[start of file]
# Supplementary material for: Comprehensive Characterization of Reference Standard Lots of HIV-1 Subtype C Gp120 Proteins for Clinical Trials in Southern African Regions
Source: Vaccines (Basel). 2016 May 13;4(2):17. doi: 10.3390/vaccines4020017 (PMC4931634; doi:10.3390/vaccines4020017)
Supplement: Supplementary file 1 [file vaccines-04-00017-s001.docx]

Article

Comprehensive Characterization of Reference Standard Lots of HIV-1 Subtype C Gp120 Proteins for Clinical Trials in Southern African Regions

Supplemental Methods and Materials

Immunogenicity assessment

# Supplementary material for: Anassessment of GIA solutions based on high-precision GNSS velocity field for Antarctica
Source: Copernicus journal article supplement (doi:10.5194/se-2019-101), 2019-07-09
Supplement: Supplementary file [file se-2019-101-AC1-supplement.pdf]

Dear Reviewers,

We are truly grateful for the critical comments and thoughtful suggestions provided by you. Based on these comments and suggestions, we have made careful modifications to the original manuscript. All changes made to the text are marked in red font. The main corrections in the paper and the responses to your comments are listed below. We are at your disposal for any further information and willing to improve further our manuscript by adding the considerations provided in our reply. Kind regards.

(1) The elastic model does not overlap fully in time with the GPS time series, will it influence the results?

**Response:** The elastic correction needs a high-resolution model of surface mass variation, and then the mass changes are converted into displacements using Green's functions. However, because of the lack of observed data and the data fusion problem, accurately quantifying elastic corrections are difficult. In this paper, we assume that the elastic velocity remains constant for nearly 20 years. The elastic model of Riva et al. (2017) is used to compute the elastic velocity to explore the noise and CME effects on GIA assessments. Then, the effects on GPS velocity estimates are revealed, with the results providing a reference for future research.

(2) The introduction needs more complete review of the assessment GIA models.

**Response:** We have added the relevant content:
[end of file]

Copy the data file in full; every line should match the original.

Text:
# Supplementary material for: Comprehensive Characterization of Reference Standard Lots of HIV-1 Subtype C Gp120 Proteins for Clinical Trials in Southern African Regions
Source: Vaccines (Basel). 2016 May 13;4(2):17. doi: 10.3390/vaccines4020017 (PMC4931634; doi:10.3390/vaccines4020017)
Supplement: Supplementary file 1 [file vaccines-04-00017-s001.docx]

Article

Comprehensive Characterization of Reference Standard Lots of HIV-1 Subtype C Gp120 Proteins for Clinical Trials in Southern African Regions

Supplemental Methods and Materials

Immunogenicity assessment

# Supplementary material for: Anassessment of GIA solutions based on high-precision GNSS velocity field for Antarctica
Source: Copernicus journal article supplement (doi:10.5194/se-2019-101), 2019-07-09
Supplement: Supplementary file [file se-2019-101-AC1-supplement.pdf]

Dear Reviewers,

We are truly grateful for the critical comments and thoughtful suggestions provided by you. Based on these comments and suggestions, we have made careful modifications to the original manuscript. All changes made to the text are marked in red font. The main corrections in the paper and the responses to your comments are listed below. We are at your disposal for any further information and willing to improve further our manuscript by adding the considerations provided in our reply. Kind regards.

(1) The elastic model does not overlap fully in time with the GPS time series, will it influence the results?

**Response:** The elastic correction needs a high-resolution model of surface mass variation, and then the mass changes are converted into displacements using Green's functions. However, because of the lack of observed data and the data fusion problem, accurately quantifying elastic corrections are difficult. In this paper, we assume that the elastic velocity remains constant for nearly 20 years. The elastic model of Riva et al. (2017) is used to compute the elastic velocity to explore the noise and CME effects on GIA assessments. Then, the effects on GPS velocity estimates are revealed, with the results providing a reference for future research.

(2) The introduction needs more complete review of the assessment GIA models.

**Response:** We have added the relevant content: